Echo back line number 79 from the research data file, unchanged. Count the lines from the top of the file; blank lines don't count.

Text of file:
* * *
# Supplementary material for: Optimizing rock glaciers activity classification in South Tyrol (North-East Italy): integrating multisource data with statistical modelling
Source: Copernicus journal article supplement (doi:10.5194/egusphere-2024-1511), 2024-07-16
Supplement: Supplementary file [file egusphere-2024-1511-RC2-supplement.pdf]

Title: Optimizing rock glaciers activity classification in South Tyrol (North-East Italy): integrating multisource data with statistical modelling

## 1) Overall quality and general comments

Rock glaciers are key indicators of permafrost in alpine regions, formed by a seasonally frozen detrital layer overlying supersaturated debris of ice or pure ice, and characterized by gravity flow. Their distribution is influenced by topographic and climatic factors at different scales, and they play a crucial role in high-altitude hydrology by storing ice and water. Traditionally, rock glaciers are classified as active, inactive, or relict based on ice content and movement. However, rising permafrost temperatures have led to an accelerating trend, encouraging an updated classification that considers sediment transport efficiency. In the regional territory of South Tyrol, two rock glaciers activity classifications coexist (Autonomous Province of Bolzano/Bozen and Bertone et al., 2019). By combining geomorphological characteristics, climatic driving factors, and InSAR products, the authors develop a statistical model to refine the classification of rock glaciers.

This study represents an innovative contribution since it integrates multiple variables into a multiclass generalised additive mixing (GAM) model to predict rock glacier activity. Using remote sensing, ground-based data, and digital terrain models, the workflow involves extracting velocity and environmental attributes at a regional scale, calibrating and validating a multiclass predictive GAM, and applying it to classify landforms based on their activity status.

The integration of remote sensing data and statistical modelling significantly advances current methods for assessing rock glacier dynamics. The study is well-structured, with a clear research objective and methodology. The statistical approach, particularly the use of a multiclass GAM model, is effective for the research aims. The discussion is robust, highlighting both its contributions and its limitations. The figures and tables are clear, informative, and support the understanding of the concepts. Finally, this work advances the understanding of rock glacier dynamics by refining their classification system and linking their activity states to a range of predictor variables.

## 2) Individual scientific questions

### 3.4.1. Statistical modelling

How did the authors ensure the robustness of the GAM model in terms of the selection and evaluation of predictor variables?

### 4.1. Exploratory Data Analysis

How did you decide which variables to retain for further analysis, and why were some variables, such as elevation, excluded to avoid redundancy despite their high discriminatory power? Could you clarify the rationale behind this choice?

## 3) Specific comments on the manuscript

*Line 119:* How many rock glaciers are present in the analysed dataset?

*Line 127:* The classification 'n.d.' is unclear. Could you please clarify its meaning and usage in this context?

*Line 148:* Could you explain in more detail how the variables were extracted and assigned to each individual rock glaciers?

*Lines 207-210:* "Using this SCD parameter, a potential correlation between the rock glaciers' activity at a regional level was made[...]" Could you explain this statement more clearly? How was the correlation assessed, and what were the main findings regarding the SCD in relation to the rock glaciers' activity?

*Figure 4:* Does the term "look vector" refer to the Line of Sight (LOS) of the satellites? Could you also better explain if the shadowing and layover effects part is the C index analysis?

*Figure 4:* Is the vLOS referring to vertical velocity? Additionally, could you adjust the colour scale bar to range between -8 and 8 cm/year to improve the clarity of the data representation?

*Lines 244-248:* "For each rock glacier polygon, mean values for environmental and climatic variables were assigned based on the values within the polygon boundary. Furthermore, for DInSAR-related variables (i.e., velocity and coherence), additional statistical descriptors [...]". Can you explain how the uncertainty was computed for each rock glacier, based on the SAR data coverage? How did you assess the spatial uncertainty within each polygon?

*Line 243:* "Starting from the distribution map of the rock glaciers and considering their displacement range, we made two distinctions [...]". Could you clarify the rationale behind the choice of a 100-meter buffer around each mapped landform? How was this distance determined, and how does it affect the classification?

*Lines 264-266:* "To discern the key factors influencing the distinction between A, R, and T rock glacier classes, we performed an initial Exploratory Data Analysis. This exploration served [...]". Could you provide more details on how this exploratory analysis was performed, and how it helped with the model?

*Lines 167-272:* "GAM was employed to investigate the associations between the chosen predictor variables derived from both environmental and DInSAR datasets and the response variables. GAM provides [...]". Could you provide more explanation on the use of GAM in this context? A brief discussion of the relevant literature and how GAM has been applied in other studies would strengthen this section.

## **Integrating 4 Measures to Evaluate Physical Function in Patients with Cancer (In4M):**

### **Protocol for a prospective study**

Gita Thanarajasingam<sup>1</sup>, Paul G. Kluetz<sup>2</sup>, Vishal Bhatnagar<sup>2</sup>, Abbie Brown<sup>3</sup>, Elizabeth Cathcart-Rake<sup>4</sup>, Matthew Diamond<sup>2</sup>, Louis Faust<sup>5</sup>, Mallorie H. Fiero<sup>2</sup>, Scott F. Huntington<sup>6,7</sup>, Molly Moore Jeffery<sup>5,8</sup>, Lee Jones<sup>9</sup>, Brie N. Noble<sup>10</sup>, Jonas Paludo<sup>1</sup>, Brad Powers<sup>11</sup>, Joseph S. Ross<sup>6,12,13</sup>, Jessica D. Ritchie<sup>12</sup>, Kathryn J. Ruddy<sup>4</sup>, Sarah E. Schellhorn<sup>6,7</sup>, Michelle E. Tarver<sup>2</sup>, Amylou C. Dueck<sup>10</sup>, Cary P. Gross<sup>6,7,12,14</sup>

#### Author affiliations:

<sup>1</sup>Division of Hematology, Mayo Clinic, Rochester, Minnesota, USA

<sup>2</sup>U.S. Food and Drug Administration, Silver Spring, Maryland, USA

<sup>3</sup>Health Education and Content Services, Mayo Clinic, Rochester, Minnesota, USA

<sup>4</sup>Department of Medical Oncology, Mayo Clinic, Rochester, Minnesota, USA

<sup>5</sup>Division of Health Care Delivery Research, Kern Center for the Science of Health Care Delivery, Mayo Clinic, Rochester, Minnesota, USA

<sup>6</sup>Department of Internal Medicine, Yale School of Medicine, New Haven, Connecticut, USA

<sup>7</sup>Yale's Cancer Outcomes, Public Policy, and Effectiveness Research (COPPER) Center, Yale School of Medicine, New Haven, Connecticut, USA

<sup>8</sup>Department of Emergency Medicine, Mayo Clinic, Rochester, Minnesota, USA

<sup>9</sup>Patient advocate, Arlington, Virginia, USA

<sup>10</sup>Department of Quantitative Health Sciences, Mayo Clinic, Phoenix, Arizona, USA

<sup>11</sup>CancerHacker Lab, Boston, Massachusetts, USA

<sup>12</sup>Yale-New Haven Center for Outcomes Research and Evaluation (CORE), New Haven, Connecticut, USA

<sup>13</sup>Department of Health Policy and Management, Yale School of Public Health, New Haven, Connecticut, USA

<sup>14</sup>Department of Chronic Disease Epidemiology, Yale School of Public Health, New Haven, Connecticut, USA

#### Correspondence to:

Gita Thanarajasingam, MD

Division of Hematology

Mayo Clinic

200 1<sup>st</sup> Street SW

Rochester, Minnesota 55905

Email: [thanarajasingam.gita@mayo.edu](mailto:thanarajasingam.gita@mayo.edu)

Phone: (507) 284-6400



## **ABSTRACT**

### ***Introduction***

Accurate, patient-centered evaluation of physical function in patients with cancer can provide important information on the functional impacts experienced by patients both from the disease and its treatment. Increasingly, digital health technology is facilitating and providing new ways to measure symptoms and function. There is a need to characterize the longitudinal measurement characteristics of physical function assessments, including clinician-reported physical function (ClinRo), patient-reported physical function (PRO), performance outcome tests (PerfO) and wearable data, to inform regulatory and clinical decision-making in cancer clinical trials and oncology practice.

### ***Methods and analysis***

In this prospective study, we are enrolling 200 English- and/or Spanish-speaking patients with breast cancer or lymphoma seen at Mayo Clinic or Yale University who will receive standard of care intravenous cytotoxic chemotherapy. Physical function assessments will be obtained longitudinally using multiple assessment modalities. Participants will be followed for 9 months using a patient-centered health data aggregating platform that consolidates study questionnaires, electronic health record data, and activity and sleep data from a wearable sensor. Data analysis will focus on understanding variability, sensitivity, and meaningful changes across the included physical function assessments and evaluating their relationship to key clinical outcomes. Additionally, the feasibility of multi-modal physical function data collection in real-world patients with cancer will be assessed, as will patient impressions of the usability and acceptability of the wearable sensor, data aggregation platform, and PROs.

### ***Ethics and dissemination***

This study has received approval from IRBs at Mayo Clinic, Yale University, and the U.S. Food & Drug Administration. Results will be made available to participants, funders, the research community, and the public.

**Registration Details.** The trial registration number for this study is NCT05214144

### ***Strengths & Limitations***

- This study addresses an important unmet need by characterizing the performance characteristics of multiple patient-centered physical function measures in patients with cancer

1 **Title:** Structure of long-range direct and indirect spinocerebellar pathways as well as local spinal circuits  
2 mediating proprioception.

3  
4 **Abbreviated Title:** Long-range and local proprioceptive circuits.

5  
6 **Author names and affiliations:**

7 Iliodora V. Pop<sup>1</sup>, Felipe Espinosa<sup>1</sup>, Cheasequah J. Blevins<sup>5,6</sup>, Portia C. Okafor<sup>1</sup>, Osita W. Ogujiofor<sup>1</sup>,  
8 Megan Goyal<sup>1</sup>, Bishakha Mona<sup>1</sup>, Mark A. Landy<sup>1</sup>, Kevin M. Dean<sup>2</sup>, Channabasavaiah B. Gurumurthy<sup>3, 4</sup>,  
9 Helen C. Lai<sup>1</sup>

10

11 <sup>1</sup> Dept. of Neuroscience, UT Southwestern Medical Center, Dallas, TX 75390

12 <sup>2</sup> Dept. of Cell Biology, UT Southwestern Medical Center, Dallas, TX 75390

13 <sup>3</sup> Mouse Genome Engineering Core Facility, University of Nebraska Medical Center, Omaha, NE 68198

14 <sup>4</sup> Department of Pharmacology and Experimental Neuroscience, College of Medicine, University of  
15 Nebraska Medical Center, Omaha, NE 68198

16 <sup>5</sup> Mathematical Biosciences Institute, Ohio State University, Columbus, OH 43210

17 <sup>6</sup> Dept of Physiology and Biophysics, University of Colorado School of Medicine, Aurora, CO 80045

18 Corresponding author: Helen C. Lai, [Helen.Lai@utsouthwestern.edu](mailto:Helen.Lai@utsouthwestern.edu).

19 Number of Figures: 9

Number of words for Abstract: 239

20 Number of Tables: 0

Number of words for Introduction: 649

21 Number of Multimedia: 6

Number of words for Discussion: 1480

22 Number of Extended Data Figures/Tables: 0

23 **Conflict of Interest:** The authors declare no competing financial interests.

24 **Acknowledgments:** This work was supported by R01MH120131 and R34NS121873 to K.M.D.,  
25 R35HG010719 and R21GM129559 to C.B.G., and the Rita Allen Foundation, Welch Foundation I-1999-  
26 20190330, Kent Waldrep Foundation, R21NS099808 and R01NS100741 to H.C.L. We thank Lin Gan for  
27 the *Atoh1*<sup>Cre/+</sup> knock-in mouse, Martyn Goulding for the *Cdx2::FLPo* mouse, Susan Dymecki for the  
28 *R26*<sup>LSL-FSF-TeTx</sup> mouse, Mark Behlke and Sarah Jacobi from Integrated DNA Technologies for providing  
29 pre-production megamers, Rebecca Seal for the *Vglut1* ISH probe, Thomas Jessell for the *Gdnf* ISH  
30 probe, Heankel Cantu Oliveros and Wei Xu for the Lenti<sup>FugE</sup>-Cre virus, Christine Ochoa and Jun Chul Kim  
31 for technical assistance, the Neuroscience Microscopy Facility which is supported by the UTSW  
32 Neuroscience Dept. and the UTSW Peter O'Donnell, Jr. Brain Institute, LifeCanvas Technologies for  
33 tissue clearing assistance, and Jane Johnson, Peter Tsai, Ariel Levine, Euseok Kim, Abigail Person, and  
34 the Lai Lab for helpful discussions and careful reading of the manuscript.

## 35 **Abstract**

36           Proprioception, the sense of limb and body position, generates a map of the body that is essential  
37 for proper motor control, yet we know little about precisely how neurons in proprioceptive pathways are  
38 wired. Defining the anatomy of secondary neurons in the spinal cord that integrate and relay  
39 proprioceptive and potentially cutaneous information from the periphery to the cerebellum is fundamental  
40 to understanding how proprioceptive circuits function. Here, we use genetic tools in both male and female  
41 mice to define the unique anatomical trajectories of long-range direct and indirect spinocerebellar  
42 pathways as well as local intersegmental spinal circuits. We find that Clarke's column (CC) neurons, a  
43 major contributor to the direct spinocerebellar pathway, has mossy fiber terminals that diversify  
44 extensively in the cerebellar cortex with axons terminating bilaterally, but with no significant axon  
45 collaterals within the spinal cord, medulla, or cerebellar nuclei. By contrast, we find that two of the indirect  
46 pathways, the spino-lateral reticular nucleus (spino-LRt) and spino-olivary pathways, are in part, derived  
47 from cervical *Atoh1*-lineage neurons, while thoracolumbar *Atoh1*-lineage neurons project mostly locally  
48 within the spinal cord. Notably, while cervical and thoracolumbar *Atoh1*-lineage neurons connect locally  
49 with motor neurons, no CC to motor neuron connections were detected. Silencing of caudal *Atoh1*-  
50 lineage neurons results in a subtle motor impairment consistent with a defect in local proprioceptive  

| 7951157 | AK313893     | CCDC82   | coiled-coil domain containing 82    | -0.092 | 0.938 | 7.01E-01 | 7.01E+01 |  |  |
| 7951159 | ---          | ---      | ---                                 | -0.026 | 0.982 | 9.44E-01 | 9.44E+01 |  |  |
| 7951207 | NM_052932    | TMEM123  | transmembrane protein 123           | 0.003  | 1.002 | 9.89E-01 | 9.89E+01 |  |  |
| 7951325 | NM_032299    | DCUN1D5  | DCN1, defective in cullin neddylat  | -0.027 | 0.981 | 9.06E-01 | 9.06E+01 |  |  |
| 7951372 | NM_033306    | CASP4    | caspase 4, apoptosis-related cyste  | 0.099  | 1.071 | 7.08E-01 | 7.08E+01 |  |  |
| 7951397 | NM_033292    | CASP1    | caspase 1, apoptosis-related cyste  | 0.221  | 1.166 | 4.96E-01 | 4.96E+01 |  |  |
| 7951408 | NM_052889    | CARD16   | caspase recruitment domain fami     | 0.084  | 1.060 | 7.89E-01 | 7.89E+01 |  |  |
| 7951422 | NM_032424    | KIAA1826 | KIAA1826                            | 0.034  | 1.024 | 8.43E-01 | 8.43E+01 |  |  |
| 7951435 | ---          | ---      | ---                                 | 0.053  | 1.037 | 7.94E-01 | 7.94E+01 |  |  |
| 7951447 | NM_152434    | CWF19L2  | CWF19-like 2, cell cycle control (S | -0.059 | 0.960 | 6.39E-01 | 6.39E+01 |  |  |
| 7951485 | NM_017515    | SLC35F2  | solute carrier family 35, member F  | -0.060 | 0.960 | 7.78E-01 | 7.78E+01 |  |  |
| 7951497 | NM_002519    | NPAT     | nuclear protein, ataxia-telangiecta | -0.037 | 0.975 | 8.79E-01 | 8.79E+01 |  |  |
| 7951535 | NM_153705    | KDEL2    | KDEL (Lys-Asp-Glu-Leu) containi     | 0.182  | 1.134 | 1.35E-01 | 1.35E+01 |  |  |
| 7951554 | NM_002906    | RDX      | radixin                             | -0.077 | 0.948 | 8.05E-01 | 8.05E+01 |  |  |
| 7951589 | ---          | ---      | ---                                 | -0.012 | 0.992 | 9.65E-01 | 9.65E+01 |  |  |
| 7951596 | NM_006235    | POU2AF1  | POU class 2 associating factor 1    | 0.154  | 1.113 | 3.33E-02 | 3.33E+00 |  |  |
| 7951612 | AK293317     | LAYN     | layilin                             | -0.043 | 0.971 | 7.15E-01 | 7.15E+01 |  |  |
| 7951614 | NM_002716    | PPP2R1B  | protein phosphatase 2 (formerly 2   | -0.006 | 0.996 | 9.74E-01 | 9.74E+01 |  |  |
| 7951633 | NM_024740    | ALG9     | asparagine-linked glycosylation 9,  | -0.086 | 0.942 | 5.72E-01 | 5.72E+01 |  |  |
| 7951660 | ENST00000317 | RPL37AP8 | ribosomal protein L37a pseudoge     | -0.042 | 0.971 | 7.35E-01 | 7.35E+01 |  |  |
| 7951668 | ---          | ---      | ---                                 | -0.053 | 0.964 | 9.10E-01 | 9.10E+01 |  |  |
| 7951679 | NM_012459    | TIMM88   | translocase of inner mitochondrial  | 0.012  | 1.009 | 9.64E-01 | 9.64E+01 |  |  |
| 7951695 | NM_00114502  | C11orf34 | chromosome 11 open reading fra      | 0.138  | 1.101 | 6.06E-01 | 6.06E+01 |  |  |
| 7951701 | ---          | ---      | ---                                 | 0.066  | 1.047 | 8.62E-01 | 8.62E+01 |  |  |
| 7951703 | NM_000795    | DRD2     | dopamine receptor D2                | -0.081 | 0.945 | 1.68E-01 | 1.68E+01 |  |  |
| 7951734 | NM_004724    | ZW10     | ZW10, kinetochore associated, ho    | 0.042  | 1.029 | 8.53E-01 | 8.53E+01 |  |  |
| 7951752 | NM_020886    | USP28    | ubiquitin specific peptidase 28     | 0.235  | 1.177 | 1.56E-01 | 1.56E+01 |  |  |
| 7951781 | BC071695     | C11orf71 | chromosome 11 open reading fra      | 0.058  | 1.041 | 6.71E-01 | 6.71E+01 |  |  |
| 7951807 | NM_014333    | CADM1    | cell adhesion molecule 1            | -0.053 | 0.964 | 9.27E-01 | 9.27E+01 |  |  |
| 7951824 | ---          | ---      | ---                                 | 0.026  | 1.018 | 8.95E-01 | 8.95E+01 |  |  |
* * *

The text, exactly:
19 Number of Figures: 9